Long, long ago in a time when wood glue didn’t foam and model aircraft kits were made from small boxes containing sticks of balsa wood, Chris Foss decided to take a step forwards from his popular glider plans range and make the heady move into kit production. This was way back in 1976, and the first model from the stable of this established R/C glider pilot was the Middle Phase. Available in two options, the model could be built either as a primary trainer for flat field work with bags of dihedral and just rudder and elevator for control, or alternatively with a flatter wing and ailerons as a first aileron trainer for the slope.
Eight years of successful sales later the kit received a minor update, the balsa fuselage sides being replaced with plywood and the fin moved forward of the tailplane. From that point on it remained essentially unchanged as the hobby progressed, which saw the decline of much UK model kit production and the arrival of imported ARTFs. Whilst so many UK kit manufacturers have disappeared, Chris Foss prevails. So popular was this little aircraft to become, so seminal a trainer for many slope pilots of a given generation, that 30 years on from its original release date the kit is still available.
30, AND ON!
As part of his 30-year celebrations, Chris offered a kit for a nostalgic appraisal to see how it stands up against the competition in 2006. I was honoured to be asked to dust off the Evo Stik Resin ‘W’ (you’re hard pressed to buy it now!) and trawl through the Skunkworks looking for my long-lost sanding block. Heck, I even had to buy some modelling pins!
The Middle Phase is not unknown to me. Mulling over my traditional ‘new model’ brew and studying the old instruction booklet intently, it dawned on me that this example would be the fifth Middle Phase that I’d either built in its entirety or had a hand in the construction of. Whilst my personal slope soaring arsenal passed this model by in favour of its bigger brother, the Chris Foss Phase 6, I’ve taught many to fly using the Middle Phase. As I studied the excellent diagrams of the instruction booklet and tittered at the adornment of imperial dimensions within, those previous builds all came flooding back. I even dug out a few old photographs taken on proper film cameras for the nostalgia rush!
No doubt about it, you’d be hard pressed to find significantly better builders’ kits than those from Chris Foss. Careful wood selection, tidy packaging of the parts and the overall care and presentation you find on opening the picture-adorned box is right up there with the best of British. The whole thing has an engineered care about it. A friend of mine who’s been modelling for a few years and has only ever ‘built’ ARTF models shook his head as I relayed the wonder of working with pieces of wood… the quality speckled quarter grain… the brilliantly white flat sheets within the kit. I don’t think he’d ever held a piece of naked balsa in his hand before, never mind revelled in the ability to freehand mark a pencil centreline along the t.e. of a rudder blank before shaving wafer-thin slices off it with a hand-held razor plane. His only response was, “Why do you need all these grades of sandpaper?” Some people…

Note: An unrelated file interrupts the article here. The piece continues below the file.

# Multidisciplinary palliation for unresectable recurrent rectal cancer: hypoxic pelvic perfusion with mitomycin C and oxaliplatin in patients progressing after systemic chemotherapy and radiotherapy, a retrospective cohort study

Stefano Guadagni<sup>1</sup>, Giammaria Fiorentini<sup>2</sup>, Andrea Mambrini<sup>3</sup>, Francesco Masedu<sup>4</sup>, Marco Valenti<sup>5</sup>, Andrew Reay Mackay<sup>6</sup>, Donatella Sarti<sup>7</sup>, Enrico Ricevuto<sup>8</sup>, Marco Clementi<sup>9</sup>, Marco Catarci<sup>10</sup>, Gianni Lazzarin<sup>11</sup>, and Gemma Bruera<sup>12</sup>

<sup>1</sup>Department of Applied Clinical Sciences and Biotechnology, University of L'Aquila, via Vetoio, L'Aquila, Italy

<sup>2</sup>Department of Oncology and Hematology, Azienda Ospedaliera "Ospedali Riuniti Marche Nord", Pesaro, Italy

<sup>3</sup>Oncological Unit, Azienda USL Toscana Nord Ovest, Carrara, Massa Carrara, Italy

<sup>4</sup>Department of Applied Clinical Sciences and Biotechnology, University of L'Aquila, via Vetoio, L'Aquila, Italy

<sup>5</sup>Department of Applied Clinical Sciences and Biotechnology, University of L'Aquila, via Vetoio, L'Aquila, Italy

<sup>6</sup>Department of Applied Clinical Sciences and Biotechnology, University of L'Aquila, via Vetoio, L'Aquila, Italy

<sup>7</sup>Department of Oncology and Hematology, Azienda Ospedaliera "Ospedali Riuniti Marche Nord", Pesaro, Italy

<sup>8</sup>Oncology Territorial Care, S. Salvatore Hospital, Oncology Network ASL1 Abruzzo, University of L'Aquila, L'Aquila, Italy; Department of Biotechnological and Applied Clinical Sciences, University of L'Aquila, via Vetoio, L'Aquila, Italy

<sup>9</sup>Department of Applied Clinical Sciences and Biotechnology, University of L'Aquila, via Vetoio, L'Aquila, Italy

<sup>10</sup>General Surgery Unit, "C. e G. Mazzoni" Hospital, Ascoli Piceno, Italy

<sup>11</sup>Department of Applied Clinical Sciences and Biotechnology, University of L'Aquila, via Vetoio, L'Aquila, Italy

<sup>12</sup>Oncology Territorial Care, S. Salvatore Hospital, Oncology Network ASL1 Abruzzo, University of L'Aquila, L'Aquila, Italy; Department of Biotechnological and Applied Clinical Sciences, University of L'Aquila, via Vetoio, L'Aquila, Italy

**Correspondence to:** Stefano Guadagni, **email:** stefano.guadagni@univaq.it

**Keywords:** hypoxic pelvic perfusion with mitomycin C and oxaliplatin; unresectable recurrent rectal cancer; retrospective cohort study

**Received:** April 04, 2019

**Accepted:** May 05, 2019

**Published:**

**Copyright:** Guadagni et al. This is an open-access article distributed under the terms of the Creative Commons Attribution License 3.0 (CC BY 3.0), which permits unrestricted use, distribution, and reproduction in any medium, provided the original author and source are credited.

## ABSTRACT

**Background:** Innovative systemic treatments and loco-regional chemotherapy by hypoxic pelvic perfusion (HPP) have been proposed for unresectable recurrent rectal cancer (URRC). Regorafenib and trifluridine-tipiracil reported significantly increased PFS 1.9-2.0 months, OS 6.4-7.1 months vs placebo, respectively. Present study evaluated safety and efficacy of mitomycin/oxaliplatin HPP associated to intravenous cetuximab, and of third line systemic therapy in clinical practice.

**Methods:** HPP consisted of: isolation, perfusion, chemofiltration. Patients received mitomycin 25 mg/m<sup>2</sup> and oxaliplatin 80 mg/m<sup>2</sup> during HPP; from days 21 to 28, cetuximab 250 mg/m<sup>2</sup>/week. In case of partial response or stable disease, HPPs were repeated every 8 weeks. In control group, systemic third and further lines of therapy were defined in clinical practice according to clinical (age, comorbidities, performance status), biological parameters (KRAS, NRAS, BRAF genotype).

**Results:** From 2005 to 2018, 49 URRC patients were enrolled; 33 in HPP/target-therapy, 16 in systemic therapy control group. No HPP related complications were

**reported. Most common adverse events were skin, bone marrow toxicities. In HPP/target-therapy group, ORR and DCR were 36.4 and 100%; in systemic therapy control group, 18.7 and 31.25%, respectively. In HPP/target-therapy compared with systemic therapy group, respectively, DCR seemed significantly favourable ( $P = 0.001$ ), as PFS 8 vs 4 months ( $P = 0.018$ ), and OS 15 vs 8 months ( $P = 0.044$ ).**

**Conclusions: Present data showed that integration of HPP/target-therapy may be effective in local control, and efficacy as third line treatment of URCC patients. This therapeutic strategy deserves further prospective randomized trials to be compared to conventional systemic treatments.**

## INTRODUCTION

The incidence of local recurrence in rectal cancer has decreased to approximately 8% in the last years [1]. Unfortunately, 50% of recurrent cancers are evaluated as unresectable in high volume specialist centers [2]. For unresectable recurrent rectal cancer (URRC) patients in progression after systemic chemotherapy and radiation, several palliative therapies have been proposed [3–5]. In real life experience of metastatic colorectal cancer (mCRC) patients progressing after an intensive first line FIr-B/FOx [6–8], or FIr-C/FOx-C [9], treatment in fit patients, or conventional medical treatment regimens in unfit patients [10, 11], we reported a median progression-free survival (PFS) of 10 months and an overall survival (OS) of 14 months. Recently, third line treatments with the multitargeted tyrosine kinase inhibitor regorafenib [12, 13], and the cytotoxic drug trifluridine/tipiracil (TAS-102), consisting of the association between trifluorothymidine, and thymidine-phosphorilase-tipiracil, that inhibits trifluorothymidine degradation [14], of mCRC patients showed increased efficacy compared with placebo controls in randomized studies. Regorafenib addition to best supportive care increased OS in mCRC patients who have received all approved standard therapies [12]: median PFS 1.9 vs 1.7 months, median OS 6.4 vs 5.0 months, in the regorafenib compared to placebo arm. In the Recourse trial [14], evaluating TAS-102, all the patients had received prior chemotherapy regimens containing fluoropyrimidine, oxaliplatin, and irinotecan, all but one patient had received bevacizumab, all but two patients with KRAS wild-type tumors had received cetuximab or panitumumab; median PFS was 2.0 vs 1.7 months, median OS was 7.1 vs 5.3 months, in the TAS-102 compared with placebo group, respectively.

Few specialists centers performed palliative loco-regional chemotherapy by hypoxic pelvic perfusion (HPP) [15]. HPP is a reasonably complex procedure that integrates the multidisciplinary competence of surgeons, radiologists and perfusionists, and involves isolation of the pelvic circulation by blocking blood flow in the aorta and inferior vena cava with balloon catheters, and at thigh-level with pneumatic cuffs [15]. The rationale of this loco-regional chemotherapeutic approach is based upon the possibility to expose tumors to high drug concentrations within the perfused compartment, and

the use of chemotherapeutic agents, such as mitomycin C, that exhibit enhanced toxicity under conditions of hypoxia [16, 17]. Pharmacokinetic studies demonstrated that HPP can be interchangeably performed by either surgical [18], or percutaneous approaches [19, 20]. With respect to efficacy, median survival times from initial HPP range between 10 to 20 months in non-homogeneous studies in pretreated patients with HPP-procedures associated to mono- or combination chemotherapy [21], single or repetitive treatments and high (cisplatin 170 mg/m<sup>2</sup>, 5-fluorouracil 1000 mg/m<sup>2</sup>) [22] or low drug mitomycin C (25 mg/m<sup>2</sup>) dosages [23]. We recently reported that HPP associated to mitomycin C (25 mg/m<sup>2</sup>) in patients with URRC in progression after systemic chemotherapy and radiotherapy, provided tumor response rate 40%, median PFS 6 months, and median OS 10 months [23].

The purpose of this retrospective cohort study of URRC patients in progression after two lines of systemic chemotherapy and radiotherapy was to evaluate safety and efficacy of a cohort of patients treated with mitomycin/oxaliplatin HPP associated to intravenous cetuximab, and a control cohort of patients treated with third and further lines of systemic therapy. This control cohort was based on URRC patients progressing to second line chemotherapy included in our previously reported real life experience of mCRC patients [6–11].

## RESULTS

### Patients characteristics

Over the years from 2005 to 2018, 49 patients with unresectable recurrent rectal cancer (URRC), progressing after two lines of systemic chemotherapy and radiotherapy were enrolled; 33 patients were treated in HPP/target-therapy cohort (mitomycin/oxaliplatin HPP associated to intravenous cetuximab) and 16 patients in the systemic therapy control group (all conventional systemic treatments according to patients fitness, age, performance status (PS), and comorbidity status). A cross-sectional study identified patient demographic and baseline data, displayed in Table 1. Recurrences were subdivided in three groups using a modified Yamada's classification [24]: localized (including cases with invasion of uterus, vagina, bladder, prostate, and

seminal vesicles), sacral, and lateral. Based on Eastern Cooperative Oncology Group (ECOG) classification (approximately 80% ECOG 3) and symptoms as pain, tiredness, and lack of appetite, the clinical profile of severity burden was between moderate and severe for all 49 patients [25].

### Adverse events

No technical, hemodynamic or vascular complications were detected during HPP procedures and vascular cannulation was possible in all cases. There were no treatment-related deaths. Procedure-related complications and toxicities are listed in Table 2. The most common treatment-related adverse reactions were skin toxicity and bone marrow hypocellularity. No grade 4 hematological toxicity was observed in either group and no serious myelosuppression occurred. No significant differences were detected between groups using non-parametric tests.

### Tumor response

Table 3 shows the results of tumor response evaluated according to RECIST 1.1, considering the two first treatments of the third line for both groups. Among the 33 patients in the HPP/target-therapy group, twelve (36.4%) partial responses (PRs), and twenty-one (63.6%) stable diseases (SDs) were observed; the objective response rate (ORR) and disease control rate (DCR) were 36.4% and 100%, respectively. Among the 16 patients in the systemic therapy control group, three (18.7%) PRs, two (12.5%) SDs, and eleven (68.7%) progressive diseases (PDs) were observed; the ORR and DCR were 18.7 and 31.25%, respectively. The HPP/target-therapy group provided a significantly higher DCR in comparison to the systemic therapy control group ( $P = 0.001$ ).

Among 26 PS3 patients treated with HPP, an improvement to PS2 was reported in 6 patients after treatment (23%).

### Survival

The obechi veneer covered white foam wings (can these be described as ‘traditional’ these days?) are beautifully straight, with a uniform colour to the skin. The strip wood stock for leading and trailing edges are arrow-like with no blemishes at all, with a matched density just begging to be sanded to shape. Various other small blocks and spruce strip-wood for longerons complete the remainder of the timber parts in the kit. Alongside these is some suitable hardware, a small plastic moulding for the front wing fairing and a simple, understated decal sheet.
DOWN ‘N’ DUSTY
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With sleeves rolled up and the Skunkworks heater taking the chill from the winter air, construction started with the fuselage and the joining of the plywood fuselage sides, requiring two pieces per side to be scarfed together at the mid point. With longerons fitted to form right and left sides, and put aside to cure (no cyano’ here, you know…), I took the opportunity to fit the leading edges and false trailing edges to the foam of the wing cores, holding things in place with low-tack masking tape as I went along.
The fuselage formers are die cut from a plywood sheet and fit nicely into place where mandated in the instruction booklet. Once I’d found my expandable two foot imperial ruler I was good to go. Constant reference must be made to the instructions as there are a selection of small parts to fit inside the fuselage before it’s closed, parts that you may otherwise miss. Perhaps the most obvious of these are the control snakes for the back end, one of which (for the elevator) must be anchored internally at the back of the fuselage side.